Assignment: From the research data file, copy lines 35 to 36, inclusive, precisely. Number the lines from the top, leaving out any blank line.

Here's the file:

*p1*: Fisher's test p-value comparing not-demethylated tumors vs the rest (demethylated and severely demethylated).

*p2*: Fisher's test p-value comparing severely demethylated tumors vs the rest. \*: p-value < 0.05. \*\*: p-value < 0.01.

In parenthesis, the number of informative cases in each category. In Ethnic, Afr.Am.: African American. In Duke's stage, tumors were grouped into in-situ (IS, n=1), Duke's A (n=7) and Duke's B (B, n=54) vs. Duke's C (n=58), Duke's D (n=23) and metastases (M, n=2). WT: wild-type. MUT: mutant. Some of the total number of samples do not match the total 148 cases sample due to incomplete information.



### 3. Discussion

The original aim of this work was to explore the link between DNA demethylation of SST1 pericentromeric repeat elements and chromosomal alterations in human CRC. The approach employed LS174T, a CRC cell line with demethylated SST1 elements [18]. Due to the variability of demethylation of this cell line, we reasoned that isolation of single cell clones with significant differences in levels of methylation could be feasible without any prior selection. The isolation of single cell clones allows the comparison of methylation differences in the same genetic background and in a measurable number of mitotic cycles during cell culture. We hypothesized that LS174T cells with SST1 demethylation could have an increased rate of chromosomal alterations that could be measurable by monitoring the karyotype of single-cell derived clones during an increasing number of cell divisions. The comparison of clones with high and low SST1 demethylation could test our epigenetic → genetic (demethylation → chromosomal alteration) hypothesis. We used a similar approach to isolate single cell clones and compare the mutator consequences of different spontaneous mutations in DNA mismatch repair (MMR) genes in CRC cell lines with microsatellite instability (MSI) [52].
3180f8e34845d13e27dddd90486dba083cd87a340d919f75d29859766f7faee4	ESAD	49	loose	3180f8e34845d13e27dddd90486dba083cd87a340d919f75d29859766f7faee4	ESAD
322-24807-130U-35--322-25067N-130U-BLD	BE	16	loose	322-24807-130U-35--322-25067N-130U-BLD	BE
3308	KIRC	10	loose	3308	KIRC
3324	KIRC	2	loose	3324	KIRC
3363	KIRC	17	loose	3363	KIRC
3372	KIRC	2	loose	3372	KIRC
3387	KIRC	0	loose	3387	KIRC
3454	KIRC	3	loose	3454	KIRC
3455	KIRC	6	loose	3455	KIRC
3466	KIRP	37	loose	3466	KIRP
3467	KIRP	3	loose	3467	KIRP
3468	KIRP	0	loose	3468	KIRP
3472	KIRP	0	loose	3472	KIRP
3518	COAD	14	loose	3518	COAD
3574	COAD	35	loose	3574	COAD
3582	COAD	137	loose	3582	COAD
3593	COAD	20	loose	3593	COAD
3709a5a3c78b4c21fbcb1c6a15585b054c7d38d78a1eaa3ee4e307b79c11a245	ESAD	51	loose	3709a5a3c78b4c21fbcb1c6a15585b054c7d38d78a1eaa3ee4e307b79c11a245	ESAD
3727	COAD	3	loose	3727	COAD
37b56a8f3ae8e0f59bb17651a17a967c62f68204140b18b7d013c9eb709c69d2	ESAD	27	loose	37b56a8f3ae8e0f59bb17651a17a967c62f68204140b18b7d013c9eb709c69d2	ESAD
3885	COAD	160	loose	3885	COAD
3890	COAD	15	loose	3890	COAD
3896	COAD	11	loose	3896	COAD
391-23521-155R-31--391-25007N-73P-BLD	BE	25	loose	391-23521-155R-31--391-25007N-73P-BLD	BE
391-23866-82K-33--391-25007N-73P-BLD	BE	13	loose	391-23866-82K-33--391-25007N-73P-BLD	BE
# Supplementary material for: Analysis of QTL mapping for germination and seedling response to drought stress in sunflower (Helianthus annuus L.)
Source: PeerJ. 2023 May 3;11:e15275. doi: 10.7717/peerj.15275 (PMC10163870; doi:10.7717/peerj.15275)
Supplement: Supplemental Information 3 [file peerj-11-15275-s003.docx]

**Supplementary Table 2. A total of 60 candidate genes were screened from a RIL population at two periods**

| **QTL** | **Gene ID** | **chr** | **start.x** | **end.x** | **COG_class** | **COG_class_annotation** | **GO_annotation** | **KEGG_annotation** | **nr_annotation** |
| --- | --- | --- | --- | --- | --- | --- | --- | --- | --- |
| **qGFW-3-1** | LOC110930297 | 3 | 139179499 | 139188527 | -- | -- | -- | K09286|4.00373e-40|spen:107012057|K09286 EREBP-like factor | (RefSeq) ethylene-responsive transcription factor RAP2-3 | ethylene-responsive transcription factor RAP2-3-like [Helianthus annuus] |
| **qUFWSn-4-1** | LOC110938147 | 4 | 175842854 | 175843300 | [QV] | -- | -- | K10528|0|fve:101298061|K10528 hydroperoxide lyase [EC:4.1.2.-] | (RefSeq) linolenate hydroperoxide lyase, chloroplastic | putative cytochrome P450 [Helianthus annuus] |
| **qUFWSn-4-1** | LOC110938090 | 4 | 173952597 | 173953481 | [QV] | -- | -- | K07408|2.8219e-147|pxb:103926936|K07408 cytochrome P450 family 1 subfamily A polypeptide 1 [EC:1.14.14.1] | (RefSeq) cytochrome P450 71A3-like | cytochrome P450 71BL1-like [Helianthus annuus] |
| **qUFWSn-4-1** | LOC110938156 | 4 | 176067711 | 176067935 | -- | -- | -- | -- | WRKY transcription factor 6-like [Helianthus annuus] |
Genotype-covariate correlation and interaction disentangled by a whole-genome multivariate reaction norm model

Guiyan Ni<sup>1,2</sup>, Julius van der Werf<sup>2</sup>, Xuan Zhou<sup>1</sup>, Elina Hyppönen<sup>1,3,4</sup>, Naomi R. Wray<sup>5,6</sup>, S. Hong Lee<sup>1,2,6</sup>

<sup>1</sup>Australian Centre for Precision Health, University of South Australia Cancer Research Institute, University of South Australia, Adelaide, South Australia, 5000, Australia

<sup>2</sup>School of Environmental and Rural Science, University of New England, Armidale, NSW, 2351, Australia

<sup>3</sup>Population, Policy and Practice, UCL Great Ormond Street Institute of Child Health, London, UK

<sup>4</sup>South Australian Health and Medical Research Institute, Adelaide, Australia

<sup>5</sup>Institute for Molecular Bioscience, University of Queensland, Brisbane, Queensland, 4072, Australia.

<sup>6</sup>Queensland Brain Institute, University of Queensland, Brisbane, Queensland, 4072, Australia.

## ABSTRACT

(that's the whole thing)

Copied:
| **QTL** | **Gene ID** | **chr** | **start.x** | **end.x** | **COG_class** | **COG_class_annotation** | **GO_annotation** | **KEGG_annotation** | **nr_annotation** |
| --- | --- | --- | --- | --- | --- | --- | --- | --- | --- |